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Most of us who have grown up in the early days of high fidelity components have always been interested in quality sound. There were no MP3’s. There was no steaming of music over the internet. There were not even CD’s. We were used to the hassle of playing vinyl, putting on one record at a time. We would not even think of stacking records on a record changing turntable. (Imagine what that would do to the vertical tracking angle of the phono cartridge.)

A generation of new audio enthusiasts have grown up with sharing their own music files ripped from CD’s. The first large peer-to-peer filesharing network, Napster, was launched in 1999. MP3’s provided an easy, low cost, and convenient way of listening and sharing. The ease of creating and sharing MP3s had some negative effects, however. To reduce file size the recordings were modified and compressed, which resulted in a loss of sonic quality. Also, this practice of sharing music with friends resulted in widespread copyright infringement in the minds of the musicians and record labels. .

We know the story, Steve Jobs took advantage of this situation by forming iTunes. He improved the sound of the recordings somewhat, but his major accomplishment was to convince the powers that be that, if they did not go his proposed solution, their businesses was going to die. Regardless of how we feel about iTunes it did provide a safe bridge to today’s music scene.

The net effect of MP3’s is that many people have gotten used to the convenience of playing their music easily, even on when on the go. Vinyl is a major inconvenience that is for sure. The loss in sound quality for many listeners is not all that big a deal. For them the sound is good enough. Others are perhaps not even aware of the loss of sound quality. They did not grow up with High Fidelity components.

But the times they are a changing. New means of providing convenient audio haves arrived, not just for casual listening, but for serious, concentrated, quality listening as well. Many young people are not buying or ripping their music. They are streaming their music over Spotify or Tidal, among others. Apple tried to play catchup with Apple Music, but they failed to see the new direction that streaming would be taking.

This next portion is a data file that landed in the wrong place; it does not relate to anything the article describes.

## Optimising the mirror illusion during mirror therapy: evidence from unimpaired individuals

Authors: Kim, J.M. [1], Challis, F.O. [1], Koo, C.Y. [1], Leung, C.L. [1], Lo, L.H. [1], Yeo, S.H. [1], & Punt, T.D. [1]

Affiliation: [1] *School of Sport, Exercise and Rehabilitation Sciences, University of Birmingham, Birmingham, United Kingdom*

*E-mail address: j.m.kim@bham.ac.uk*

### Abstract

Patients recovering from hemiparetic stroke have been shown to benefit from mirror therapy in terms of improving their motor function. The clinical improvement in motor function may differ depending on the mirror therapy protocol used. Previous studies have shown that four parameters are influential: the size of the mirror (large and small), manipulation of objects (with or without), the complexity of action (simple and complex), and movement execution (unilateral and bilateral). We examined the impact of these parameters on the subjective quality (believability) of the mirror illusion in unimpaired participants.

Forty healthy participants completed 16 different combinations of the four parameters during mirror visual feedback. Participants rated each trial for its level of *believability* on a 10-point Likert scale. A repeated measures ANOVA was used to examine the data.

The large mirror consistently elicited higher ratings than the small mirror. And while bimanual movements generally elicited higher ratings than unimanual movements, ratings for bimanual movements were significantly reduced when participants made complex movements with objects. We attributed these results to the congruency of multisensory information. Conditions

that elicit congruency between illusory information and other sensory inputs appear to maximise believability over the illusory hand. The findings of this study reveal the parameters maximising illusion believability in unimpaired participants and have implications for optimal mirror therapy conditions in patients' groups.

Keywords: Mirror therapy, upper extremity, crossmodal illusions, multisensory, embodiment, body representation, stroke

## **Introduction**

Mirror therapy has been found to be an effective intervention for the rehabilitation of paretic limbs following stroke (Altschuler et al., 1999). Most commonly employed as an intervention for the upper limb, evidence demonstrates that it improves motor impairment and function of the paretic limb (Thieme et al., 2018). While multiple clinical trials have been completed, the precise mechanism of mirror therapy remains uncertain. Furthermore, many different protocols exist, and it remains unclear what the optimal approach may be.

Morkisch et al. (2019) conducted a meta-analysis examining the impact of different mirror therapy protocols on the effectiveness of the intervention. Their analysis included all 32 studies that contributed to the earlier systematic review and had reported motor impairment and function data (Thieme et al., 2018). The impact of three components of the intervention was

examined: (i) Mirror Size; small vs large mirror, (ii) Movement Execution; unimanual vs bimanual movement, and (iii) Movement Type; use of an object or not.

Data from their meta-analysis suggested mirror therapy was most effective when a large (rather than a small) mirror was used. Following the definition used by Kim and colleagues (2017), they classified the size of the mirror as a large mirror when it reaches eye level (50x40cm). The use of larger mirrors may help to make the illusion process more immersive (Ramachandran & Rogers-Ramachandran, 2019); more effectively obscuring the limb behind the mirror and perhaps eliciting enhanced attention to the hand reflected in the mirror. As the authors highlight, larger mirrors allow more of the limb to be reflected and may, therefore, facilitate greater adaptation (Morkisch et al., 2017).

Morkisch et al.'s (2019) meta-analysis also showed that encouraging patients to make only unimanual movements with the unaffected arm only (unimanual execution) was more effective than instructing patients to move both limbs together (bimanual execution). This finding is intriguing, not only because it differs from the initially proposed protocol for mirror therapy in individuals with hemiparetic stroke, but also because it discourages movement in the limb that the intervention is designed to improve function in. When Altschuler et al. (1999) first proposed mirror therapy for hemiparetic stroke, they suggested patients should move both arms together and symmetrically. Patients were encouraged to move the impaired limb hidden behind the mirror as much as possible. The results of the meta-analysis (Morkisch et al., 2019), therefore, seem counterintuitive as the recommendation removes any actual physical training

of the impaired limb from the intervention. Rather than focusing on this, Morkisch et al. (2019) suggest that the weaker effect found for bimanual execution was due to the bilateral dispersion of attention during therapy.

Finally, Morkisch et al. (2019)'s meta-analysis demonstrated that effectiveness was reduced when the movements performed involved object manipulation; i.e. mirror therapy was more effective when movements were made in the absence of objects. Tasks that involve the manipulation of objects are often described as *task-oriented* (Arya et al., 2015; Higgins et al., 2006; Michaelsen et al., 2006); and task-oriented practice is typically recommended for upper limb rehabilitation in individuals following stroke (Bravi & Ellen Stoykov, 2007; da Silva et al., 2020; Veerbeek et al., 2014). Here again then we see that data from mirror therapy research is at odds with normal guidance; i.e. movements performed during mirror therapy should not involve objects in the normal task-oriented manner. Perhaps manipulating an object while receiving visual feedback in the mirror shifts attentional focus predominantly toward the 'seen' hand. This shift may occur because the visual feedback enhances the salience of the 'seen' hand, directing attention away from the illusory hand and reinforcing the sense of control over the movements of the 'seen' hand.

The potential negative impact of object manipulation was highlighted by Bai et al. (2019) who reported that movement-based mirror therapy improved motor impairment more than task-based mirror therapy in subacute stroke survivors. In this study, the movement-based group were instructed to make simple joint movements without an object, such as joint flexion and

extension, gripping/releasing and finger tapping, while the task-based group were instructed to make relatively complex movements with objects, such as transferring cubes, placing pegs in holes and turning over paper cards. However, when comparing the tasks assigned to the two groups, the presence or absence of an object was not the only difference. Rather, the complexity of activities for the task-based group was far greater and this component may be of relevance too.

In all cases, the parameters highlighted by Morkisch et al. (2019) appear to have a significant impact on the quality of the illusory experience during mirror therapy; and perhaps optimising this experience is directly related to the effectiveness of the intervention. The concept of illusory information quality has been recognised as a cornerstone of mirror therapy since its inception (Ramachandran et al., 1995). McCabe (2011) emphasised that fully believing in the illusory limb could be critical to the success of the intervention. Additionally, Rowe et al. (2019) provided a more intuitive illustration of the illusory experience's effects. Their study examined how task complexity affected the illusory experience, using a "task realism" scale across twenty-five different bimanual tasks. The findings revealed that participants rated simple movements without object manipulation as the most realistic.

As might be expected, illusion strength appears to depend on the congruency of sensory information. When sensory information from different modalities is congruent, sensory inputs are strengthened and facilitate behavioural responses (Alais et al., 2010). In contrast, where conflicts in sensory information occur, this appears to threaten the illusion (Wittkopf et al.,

Tidal is streaming high resolution quality audio. Other streaming services are quickly coming on board. The breakthrough has been MQA. (See Paradigm Shift.) Many manufactures and some audio reviews are speaking out against MQA. Could it be a treat to their business model? What ever the reason is we end users will ultimately decide the fate of MQA. It does have some obvious advantages. It greatly reduces the size of high res audio files, making them more convenient and less costly in terms of the use of bandwidth. Moreover, the sound of MQA as at least as good and often times superior to other types of digital audio files. DSD and PCM files take up much more data space which rules them out for portable mobile players.

There have been obstacles to MQA adoption, however, more that the litany of complaints by the music industry. One is the cost of reproducing MQA files. An outboard DAC is needed for most smart phone and portable music players. These DAC’s are often bulky and have to be dangled to the portable devices, reducing their portability. The DAC’s which are compatible with MQA have been expensive.

A new device has arrived on the scene. It is a portable music player with everything builtin. What does it do? Here are some of its properties:

  • Continuous usage: up to 10 hours
  • Audio output: 3.5mm stereo + Line Out
  • Processor: Quad-Core
  • Memory: 16GB NAND + MircoSD slot up to 400GB
  • DAC: Cirrus Logic CS4398
  • THD+N: 0.0005%
  • SNR: 115dB
  • Decoding: up to 24-bit 192kHZ
  • File formats: WAV, FLAC, WMA, MP3, OGG, APE, AAC, ALAC, AIFF, DFF, DSF and MQA
  • Sample rates: FALC, WAV, ALAC, AIFF 8kHZ – 192kHZ (8/16/24-bits) DSD: 64/128/256 PCM – stereo)

IRIVER, the parent company of Astell& Kern has joined with Groovers, a Japan-based music streaming and downloading service to offer an alternative and relatively low cost product for the masses. Here it is: the Activo CT10, available in USA and Asia for $299.

I have not auditioned this little player but Forbes wrote a very favorable review of it. They liked the sound and they liked the way it accessed stored music without any hesitation. The quad-core processor was given credit for the responsive user interface.  Forbes said “the interface is a dream and the 3.4-inch color LCD screen is rich and vibrant plus it works well as a touchscreen. This affordable little player can handle WAV, FLAC, WMA, MP3, OGG, APE, AAC, ALAC, AIFF, DFF, DSF and MQA files. It’s fine with sample rates up to 24-bit 192kHz, so you’re pretty much covered with whatever files you throw at it.” Wonders of wonders this tiny little product (3.95oz or 112g) will also stream high res MQA files from Tidal all by itself.

What does this all mean to the future of high res audio when it is affordable and convenient. It is too early to say. But this product, if it sounds as good as Forbes says it does, could turn the whole portable high res audio on its head, if not digital audio itself.

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